By studying spatial patterns of biodiversity we can identify some distinct spatial gradients in biodiversity. The most striking gradient is a global one; there is an increase in species richness as one moves from high latitudes at the poles to the lower latitudes of the tropics. A similar pattern is seen for higher taxonomic groups (genera, families). Various hypotheses have been raised to explain the greater species richness at the tropics (for example, environmental patchiness, solar energy, productivity) (Blackburn and Gaston, 1996). Most conservation activity is focused in the tropics, where there are more complex (and hence biologically richer) ecosystems, with more species to conserve. However, some of the species that are found near the poles are evolutionarily or ecologically unique and so are also especially deserving of conservation action.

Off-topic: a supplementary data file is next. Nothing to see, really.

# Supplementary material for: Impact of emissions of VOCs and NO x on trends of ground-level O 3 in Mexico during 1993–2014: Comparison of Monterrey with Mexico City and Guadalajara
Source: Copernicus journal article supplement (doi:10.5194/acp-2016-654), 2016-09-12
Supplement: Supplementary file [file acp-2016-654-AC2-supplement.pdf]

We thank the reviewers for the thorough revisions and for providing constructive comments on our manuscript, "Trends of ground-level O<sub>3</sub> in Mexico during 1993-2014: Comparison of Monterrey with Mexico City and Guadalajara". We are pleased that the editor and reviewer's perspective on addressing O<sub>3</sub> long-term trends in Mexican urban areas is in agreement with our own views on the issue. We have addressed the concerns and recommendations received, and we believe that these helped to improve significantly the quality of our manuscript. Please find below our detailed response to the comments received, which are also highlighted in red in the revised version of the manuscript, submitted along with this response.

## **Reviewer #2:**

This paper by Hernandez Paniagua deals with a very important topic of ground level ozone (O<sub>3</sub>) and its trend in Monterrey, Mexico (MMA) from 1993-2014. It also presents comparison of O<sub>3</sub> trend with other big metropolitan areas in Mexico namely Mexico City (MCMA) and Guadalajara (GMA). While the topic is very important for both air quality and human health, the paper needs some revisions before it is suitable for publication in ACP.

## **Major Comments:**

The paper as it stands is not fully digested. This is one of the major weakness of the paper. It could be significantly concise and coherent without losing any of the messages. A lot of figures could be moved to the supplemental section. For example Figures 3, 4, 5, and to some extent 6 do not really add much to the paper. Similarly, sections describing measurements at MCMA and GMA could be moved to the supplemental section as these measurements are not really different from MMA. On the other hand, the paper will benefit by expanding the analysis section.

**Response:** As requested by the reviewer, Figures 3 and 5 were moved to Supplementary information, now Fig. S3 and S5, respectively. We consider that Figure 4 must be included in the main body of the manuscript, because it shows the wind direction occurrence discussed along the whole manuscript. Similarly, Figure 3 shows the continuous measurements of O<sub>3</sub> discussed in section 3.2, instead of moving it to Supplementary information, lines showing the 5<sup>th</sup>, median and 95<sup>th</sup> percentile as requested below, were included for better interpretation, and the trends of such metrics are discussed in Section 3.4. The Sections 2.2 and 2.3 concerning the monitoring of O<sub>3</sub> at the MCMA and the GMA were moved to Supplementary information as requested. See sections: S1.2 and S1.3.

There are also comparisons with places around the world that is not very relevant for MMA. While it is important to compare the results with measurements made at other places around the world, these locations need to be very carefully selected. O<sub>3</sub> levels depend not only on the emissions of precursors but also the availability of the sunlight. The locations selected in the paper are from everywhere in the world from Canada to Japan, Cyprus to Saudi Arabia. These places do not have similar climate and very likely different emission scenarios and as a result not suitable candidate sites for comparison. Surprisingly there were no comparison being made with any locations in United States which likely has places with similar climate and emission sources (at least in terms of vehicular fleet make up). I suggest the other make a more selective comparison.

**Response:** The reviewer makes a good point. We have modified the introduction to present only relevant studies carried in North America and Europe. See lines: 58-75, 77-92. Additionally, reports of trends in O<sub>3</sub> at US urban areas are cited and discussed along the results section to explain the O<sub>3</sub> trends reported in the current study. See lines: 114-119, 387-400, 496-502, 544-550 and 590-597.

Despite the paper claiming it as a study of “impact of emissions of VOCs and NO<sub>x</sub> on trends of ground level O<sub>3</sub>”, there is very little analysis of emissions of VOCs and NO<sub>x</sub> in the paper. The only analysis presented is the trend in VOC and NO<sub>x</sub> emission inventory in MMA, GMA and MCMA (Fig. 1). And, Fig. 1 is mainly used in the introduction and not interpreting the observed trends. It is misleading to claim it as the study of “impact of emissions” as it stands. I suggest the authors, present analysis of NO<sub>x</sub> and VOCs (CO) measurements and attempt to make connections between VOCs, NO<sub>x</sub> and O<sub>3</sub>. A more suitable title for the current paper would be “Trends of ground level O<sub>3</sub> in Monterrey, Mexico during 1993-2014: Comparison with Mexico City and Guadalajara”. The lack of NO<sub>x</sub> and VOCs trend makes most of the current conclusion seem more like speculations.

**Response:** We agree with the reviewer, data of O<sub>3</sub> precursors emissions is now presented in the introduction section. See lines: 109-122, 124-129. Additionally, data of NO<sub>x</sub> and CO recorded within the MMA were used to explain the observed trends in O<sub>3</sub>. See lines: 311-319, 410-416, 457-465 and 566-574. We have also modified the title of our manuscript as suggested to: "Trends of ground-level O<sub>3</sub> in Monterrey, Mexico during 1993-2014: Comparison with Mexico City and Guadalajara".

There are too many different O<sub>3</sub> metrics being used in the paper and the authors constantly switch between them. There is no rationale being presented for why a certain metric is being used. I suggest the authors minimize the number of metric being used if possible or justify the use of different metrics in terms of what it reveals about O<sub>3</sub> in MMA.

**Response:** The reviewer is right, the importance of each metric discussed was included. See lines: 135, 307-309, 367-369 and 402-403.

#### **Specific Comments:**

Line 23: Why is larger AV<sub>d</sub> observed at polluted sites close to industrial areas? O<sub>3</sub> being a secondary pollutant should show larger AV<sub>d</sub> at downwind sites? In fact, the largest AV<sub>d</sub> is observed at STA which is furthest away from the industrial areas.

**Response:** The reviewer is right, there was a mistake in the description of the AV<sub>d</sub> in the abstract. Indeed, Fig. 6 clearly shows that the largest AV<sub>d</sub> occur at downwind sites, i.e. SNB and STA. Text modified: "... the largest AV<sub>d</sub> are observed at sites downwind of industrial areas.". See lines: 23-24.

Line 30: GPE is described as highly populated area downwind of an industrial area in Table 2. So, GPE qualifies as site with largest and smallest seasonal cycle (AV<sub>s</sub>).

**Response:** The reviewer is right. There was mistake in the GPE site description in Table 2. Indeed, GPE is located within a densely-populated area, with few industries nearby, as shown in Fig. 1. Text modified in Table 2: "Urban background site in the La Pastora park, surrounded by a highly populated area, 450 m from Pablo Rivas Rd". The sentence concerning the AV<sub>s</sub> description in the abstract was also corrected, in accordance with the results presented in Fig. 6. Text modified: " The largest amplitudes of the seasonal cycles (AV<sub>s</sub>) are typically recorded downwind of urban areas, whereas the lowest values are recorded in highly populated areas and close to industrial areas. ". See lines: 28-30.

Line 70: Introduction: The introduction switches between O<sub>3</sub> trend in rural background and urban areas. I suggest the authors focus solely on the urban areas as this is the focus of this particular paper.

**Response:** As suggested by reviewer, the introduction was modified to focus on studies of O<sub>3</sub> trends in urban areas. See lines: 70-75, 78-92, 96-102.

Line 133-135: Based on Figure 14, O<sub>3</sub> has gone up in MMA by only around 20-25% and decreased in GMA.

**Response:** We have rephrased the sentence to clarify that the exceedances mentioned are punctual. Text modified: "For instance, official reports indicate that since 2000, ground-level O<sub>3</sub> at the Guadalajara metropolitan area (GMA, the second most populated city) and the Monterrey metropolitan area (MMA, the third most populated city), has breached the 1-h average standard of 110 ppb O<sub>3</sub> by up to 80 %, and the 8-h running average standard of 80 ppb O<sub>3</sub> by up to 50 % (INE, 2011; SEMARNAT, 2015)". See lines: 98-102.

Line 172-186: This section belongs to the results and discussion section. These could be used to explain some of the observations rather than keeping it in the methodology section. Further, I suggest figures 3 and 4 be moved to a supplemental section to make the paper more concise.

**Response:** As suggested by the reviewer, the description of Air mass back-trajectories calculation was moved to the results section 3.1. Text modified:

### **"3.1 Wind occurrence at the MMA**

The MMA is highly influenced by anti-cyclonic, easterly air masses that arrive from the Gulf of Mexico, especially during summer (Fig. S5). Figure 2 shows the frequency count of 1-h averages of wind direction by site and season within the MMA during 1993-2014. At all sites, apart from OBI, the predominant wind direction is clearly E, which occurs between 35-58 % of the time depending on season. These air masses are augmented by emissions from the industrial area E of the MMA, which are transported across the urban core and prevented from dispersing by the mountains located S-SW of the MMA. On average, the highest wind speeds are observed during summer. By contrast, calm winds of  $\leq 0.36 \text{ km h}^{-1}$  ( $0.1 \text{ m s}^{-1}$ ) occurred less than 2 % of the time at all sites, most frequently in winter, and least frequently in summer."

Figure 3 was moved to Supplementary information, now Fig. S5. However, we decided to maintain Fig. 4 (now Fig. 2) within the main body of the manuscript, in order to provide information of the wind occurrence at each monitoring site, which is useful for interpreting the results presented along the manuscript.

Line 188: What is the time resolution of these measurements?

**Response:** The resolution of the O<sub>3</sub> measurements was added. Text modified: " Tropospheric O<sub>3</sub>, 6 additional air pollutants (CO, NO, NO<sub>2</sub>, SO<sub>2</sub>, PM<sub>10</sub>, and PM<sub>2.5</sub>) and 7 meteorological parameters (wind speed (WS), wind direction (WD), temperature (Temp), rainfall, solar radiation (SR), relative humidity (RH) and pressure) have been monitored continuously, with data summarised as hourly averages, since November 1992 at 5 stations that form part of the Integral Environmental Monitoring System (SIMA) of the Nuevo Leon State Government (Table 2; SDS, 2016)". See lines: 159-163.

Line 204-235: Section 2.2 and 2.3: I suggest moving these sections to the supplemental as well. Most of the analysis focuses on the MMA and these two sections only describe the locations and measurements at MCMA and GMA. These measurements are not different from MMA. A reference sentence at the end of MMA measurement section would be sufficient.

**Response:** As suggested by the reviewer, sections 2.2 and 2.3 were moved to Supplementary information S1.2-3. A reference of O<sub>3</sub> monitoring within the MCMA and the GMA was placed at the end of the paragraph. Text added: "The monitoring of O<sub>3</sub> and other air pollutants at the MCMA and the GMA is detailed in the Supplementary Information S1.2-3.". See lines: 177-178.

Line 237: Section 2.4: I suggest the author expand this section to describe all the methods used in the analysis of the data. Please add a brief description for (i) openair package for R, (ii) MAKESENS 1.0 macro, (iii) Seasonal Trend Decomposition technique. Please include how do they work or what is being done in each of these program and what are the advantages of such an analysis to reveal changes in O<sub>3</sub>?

Similarly, there is a biodiversity gradient with altitude. There are fewer species at higher elevations. This pattern is not as uniform for different taxa as the patterns of species across latitudinal species gradients. In oceans and freshwaters there are also fewer species as one moves to increasing depths below sea level.
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Global warming is a huge problem which will significantly affect every country in the world. Many people all over the world are trying to do whatever they can to help combat the effects of global warming. One of the ways that people can fight global warming is to reduce their dependence on non-renewable energy sources like oil and petroleum based products.